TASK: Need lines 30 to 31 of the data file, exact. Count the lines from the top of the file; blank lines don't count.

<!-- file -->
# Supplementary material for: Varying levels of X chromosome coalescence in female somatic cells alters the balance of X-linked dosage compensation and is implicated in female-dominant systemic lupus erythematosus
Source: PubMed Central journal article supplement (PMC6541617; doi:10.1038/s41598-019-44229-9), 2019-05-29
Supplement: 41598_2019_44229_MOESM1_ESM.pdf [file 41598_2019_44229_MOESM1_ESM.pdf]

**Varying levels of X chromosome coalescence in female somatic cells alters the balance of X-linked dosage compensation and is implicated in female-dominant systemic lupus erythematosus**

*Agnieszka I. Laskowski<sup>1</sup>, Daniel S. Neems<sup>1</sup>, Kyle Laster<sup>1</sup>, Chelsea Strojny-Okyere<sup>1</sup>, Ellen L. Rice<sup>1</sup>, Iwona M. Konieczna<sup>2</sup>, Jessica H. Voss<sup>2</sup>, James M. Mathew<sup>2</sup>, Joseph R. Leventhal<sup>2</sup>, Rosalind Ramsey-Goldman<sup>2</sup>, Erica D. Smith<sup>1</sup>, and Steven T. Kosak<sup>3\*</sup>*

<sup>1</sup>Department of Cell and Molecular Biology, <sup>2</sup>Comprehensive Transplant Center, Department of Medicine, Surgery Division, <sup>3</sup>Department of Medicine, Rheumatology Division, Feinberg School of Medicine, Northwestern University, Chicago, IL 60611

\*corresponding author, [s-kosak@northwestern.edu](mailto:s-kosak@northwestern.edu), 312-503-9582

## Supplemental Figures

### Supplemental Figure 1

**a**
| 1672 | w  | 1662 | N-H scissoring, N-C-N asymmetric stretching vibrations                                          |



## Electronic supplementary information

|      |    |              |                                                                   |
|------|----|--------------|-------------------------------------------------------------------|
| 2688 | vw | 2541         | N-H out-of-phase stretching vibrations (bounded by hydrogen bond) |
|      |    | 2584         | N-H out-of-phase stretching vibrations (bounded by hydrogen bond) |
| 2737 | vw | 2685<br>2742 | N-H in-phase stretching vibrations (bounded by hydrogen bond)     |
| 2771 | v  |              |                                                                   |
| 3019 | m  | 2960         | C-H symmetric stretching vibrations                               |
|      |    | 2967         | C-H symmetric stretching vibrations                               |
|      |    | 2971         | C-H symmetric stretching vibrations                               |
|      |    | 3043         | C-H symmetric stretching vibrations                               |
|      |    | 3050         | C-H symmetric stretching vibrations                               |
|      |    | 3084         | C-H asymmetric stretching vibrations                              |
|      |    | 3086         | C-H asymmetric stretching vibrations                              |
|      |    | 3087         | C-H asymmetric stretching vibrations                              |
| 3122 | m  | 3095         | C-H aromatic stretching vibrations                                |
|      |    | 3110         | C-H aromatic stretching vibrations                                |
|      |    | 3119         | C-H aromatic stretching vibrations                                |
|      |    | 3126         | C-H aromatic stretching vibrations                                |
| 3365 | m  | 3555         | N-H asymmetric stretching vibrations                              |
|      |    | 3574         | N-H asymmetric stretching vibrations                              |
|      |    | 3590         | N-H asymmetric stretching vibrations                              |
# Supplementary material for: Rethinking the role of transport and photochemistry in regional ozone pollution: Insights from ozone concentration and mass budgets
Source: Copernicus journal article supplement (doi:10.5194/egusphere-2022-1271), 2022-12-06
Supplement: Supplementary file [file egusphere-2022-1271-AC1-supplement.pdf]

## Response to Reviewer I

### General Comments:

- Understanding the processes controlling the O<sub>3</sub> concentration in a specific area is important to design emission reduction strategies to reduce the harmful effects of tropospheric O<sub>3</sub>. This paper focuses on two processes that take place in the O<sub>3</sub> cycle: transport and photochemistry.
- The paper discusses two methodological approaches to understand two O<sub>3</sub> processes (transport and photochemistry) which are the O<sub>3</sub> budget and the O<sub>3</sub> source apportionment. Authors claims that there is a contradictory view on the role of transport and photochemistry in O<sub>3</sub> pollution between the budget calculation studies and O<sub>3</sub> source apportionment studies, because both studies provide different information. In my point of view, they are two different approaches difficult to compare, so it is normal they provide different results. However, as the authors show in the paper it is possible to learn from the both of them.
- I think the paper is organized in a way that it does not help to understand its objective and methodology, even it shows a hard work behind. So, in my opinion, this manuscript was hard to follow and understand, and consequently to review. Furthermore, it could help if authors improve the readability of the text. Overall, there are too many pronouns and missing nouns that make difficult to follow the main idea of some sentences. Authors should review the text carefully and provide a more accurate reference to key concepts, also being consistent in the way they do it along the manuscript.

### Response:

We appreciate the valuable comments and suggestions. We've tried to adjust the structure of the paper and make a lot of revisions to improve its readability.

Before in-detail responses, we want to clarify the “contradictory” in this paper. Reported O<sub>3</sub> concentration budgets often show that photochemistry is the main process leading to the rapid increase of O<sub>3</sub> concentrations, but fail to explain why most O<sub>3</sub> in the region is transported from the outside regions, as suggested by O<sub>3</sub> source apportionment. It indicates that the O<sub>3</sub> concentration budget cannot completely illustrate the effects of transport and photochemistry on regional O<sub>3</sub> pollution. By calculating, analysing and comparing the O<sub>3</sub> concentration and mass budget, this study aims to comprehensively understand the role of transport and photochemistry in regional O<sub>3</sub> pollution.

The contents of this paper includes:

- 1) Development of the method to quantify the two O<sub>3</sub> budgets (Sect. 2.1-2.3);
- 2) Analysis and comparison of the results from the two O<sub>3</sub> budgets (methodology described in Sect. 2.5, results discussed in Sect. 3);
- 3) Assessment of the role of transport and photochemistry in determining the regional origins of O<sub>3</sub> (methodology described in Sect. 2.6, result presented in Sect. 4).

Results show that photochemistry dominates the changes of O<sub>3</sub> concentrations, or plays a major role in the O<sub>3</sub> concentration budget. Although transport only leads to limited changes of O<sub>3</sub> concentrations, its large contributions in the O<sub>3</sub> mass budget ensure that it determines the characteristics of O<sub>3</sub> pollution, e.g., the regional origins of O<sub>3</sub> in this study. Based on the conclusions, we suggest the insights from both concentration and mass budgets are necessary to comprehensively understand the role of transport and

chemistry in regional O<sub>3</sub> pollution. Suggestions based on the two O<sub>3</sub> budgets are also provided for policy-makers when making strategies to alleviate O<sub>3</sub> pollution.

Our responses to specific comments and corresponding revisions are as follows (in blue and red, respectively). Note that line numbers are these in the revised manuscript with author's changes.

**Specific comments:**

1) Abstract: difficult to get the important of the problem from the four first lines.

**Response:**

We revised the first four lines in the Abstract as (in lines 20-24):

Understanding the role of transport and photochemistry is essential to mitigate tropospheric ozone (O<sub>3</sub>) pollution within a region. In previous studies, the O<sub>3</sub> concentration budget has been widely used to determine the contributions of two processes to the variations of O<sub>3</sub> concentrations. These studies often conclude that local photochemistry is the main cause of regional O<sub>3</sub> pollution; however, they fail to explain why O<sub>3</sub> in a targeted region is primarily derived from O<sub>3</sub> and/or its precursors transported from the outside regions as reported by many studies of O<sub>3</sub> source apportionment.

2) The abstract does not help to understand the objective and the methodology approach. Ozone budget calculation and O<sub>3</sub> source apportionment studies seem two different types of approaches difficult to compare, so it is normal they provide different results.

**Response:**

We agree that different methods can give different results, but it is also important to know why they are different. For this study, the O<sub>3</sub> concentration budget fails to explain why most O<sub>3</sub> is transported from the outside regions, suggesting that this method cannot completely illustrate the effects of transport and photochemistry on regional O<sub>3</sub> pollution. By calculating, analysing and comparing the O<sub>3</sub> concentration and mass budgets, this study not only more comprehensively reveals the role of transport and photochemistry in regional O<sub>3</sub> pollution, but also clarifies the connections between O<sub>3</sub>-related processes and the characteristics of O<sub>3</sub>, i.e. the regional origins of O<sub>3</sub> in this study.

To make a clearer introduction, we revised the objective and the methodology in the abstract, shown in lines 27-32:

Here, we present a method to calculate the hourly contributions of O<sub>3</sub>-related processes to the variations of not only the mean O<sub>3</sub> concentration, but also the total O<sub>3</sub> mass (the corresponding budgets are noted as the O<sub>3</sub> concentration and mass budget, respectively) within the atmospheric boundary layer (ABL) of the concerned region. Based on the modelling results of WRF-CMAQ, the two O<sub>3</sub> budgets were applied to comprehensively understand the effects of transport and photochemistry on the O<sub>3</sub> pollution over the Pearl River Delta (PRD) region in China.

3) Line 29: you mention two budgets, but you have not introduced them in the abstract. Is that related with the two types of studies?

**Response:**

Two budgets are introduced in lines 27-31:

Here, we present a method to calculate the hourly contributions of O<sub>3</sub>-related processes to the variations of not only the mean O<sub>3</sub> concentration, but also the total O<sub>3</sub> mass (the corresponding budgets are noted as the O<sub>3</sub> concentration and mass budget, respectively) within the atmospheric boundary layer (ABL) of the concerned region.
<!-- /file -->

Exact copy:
|      |    | 3126         | C-H aromatic stretching vibrations                                |
| 3365 | m  | 3555         | N-H asymmetric stretching vibrations                              |